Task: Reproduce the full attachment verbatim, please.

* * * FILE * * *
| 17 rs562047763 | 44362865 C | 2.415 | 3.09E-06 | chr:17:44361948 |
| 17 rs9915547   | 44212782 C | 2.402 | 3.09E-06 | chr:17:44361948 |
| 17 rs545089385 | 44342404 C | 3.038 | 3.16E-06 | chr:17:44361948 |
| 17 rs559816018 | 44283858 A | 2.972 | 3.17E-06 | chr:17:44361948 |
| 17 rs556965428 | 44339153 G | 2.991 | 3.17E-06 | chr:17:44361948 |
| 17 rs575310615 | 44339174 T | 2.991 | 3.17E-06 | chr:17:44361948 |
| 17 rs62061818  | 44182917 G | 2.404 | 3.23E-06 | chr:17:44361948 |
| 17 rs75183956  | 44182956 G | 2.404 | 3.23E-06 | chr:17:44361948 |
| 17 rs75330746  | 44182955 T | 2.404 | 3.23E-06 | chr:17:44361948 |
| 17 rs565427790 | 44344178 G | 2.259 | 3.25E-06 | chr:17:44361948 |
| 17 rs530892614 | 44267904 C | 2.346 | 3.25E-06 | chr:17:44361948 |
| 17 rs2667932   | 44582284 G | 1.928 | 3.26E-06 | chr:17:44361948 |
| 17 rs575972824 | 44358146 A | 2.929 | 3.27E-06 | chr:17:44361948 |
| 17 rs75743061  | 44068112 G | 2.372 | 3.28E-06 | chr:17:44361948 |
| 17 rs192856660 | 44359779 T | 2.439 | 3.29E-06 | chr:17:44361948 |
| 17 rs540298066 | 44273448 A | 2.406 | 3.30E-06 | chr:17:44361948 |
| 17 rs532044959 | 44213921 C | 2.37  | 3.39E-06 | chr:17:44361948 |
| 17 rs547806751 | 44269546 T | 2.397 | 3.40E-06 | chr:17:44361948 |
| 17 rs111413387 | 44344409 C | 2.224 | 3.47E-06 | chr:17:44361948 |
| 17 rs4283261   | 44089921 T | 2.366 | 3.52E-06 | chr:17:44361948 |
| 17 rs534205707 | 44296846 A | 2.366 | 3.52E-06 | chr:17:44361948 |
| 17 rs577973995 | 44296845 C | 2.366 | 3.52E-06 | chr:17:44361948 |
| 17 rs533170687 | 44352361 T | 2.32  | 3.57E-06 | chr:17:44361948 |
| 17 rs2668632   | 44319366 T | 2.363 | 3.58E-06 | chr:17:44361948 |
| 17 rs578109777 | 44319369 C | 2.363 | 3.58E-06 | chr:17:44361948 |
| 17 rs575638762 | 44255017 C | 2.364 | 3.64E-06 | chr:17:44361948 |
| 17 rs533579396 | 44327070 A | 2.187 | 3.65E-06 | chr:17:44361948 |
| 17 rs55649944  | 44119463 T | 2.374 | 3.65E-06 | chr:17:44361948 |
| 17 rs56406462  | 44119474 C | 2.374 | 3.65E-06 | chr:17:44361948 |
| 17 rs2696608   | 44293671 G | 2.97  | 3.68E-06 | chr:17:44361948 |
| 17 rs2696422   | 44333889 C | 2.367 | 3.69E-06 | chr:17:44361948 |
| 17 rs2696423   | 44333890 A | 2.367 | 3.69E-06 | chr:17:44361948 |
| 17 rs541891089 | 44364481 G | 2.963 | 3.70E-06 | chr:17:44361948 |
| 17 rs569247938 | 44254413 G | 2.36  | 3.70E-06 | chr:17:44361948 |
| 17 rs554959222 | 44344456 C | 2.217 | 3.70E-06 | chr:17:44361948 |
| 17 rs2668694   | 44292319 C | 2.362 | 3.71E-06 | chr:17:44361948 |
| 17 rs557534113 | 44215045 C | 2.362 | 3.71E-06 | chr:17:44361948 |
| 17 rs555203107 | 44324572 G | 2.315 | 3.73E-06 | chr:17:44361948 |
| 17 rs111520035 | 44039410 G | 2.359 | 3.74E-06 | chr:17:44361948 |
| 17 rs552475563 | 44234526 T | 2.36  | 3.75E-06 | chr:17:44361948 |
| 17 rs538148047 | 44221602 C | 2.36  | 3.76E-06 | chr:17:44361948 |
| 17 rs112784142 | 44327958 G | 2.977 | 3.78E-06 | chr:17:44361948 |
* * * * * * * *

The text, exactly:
| 17 rs562047763 | 44362865 C | 2.415 | 3.09E-06 | chr:17:44361948 |
| 17 rs9915547   | 44212782 C | 2.402 | 3.09E-06 | chr:17:44361948 |
| 17 rs545089385 | 44342404 C | 3.038 | 3.16E-06 | chr:17:44361948 |
| 17 rs559816018 | 44283858 A | 2.972 | 3.17E-06 | chr:17:44361948 |
| 17 rs556965428 | 44339153 G | 2.991 | 3.17E-06 | chr:17:44361948 |
| 17 rs575310615 | 44339174 T | 2.991 | 3.17E-06 | chr:17:44361948 |
| 17 rs62061818  | 44182917 G | 2.404 | 3.23E-06 | chr:17:44361948 |
| 17 rs75183956  | 44182956 G | 2.404 | 3.23E-06 | chr:17:44361948 |
| 17 rs75330746  | 44182955 T | 2.404 | 3.23E-06 | chr:17:44361948 |
| 17 rs565427790 | 44344178 G | 2.259 | 3.25E-06 | chr:17:44361948 |
| 17 rs530892614 | 44267904 C | 2.346 | 3.25E-06 | chr:17:44361948 |
| 17 rs2667932   | 44582284 G | 1.928 | 3.26E-06 | chr:17:44361948 |
| 17 rs575972824 | 44358146 A | 2.929 | 3.27E-06 | chr:17:44361948 |
| 17 rs75743061  | 44068112 G | 2.372 | 3.28E-06 | chr:17:44361948 |
| 17 rs192856660 | 44359779 T | 2.439 | 3.29E-06 | chr:17:44361948 |
| 17 rs540298066 | 44273448 A | 2.406 | 3.30E-06 | chr:17:44361948 |
| 17 rs532044959 | 44213921 C | 2.37  | 3.39E-06 | chr:17:44361948 |
| 17 rs547806751 | 44269546 T | 2.397 | 3.40E-06 | chr:17:44361948 |
| 17 rs111413387 | 44344409 C | 2.224 | 3.47E-06 | chr:17:44361948 |
| 17 rs4283261   | 44089921 T | 2.366 | 3.52E-06 | chr:17:44361948 |
| 17 rs534205707 | 44296846 A | 2.366 | 3.52E-06 | chr:17:44361948 |
| 17 rs577973995 | 44296845 C | 2.366 | 3.52E-06 | chr:17:44361948 |
| 17 rs533170687 | 44352361 T | 2.32  | 3.57E-06 | chr:17:44361948 |
| 17 rs2668632   | 44319366 T | 2.363 | 3.58E-06 | chr:17:44361948 |
| 17 rs578109777 | 44319369 C | 2.363 | 3.58E-06 | chr:17:44361948 |
| 17 rs575638762 | 44255017 C | 2.364 | 3.64E-06 | chr:17:44361948 |
| 17 rs533579396 | 44327070 A | 2.187 | 3.65E-06 | chr:17:44361948 |
| 17 rs55649944  | 44119463 T | 2.374 | 3.65E-06 | chr:17:44361948 |
| 17 rs56406462  | 44119474 C | 2.374 | 3.65E-06 | chr:17:44361948 |
| 17 rs2696608   | 44293671 G | 2.97  | 3.68E-06 | chr:17:44361948 |
| 17 rs2696422   | 44333889 C | 2.367 | 3.69E-06 | chr:17:44361948 |
| 17 rs2696423   | 44333890 A | 2.367 | 3.69E-06 | chr:17:44361948 |
| 17 rs541891089 | 44364481 G | 2.963 | 3.70E-06 | chr:17:44361948 |
| 17 rs569247938 | 44254413 G | 2.36  | 3.70E-06 | chr:17:44361948 |
| 17 rs554959222 | 44344456 C | 2.217 | 3.70E-06 | chr:17:44361948 |
| 17 rs2668694   | 44292319 C | 2.362 | 3.71E-06 | chr:17:44361948 |
| 17 rs557534113 | 44215045 C | 2.362 | 3.71E-06 | chr:17:44361948 |
| 17 rs555203107 | 44324572 G | 2.315 | 3.73E-06 | chr:17:44361948 |
| 17 rs111520035 | 44039410 G | 2.359 | 3.74E-06 | chr:17:44361948 |
| 17 rs552475563 | 44234526 T | 2.36  | 3.75E-06 | chr:17:44361948 |
| 17 rs538148047 | 44221602 C | 2.36  | 3.76E-06 | chr:17:44361948 |
| 17 rs112784142 | 44327958 G | 2.977 | 3.78E-06 | chr:17:44361948 |